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Kepler, the Architectures of Exoplanet Systems & Implications for Planet Formation

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Eddingtion Lecture 2016

For centuries, planet formation theories were fine-tuned to explain the details of solar system. The diversity of planetary systems uncovered by Doppler surveys challenged previous theories and led to insights into planet formation, orbital migration and the excitation of orbital eccentricities and inclinations. NASA ’s Kepler mission has identified 450 systems with multiple transiting planet candidates, thousands of planet candidates and many small and potentially rocky planets. I will discuss how the planets identified by Kepler are enabling scientists to characterize the distribution of planetary properties and the architectures of planetary systems. In particular, transit timing variations (TTVs) provide an excellent tool to characterize the masses and orbits of dozens of small planets, including many at orbital periods beyond the reach of both Doppler surveys and photoevaporation-induced atmospheric loss. Dynamical modeling of these systems has identified some “super-puffy” planets, i.e., low mass planets with surprisingly large radii and low densities.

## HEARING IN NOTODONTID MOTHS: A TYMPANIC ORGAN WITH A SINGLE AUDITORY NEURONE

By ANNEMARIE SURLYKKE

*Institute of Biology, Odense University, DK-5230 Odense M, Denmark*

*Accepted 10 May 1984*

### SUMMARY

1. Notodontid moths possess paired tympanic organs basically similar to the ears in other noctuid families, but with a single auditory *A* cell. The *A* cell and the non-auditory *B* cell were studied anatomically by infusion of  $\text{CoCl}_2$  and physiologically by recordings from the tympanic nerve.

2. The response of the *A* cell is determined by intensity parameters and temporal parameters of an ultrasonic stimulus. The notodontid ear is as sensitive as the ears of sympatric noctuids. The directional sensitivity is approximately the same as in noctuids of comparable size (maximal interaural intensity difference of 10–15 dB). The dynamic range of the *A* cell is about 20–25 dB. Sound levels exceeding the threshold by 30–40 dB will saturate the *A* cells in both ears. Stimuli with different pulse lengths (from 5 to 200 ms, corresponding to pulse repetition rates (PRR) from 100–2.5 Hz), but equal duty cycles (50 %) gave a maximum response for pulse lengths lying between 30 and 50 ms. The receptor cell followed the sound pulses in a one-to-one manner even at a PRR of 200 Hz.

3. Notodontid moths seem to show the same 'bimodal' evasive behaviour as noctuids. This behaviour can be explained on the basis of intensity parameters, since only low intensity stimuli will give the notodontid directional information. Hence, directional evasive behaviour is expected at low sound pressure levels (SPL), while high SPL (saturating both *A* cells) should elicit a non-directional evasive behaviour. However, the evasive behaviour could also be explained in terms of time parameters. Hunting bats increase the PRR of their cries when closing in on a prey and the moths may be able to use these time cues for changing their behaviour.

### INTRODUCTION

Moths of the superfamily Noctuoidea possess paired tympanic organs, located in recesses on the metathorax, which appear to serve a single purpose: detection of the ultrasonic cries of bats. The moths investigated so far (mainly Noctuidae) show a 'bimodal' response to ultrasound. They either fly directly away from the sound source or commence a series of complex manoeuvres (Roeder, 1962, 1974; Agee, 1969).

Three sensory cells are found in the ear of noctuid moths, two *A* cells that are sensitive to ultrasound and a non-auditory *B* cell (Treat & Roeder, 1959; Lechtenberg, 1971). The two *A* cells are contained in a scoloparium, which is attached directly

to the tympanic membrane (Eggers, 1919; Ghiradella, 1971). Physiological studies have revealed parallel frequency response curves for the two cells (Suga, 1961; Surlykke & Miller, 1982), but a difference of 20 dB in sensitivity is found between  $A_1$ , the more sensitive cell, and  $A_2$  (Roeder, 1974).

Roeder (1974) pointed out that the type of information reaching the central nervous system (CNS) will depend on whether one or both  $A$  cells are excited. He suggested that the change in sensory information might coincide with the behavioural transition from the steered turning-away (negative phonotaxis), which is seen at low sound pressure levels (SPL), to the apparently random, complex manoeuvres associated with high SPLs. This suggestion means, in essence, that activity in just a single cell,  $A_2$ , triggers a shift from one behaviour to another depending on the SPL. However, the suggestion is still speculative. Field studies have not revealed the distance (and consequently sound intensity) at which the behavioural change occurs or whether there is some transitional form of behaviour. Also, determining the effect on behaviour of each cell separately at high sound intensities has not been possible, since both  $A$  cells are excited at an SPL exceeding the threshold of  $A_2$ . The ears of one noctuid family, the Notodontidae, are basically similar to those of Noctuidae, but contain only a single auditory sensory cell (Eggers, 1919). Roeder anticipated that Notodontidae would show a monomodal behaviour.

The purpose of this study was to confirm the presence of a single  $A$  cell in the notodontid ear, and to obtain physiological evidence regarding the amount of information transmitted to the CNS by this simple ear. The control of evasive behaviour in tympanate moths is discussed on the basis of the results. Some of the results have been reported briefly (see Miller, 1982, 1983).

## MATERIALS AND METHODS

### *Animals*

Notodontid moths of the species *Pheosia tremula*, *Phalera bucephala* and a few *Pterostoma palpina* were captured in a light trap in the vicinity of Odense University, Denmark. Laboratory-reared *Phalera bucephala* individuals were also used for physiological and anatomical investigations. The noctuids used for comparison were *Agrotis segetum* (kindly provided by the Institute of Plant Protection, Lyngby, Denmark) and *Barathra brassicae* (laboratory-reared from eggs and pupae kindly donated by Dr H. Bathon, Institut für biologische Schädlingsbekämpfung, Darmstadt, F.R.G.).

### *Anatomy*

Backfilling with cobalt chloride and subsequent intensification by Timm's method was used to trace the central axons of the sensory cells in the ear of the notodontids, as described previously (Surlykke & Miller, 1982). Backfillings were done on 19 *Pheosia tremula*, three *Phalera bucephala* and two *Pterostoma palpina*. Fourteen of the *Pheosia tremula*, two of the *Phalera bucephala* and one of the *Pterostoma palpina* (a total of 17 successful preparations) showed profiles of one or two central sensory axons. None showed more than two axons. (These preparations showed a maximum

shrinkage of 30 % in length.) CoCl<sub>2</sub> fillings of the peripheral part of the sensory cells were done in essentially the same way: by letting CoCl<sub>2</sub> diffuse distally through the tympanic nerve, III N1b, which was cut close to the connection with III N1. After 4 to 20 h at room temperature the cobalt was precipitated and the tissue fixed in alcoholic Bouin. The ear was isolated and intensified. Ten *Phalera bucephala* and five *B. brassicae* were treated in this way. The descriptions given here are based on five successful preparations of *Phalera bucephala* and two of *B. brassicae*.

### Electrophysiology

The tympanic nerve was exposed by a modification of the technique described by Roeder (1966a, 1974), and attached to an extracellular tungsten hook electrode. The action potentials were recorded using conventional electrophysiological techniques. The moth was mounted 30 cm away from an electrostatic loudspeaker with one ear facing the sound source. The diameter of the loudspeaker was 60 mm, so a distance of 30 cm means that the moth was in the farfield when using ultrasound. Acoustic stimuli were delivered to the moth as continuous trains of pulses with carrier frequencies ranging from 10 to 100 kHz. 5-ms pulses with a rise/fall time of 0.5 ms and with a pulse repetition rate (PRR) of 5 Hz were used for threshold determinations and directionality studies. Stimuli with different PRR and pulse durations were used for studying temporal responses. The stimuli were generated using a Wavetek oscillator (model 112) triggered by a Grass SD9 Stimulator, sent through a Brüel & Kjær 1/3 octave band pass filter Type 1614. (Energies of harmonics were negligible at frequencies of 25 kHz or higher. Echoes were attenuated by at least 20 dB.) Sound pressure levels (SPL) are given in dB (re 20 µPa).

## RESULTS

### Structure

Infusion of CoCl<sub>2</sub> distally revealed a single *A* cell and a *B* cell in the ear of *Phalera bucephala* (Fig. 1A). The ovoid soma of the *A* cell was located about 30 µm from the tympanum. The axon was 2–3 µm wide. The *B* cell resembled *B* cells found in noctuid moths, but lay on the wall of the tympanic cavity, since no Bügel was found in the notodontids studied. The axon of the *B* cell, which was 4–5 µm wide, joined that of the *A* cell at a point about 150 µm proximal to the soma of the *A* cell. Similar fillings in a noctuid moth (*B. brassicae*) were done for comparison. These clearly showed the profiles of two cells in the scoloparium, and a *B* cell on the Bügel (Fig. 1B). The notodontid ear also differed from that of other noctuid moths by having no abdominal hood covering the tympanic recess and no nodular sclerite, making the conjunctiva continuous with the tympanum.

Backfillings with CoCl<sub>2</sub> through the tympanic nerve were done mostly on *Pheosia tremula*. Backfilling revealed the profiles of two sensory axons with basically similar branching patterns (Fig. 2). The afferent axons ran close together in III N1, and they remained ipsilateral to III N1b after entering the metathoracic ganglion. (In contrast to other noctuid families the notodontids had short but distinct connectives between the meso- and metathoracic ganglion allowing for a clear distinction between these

I will describe a few particularly interesting systems and discuss the implications for the super-puffy planets. These systems and Kepler’s other discoveries are inspiring a new wave of planet formation theories attempting to explain new populations of systems with tightly-packed inner planets (STIPs), and intricate orbital resonances. I survey recent efforts to translate Kepler discoveries into constraints on the formation and orbital evolution of planetary systems.

This talk is part of the The Eddington Lectures series.

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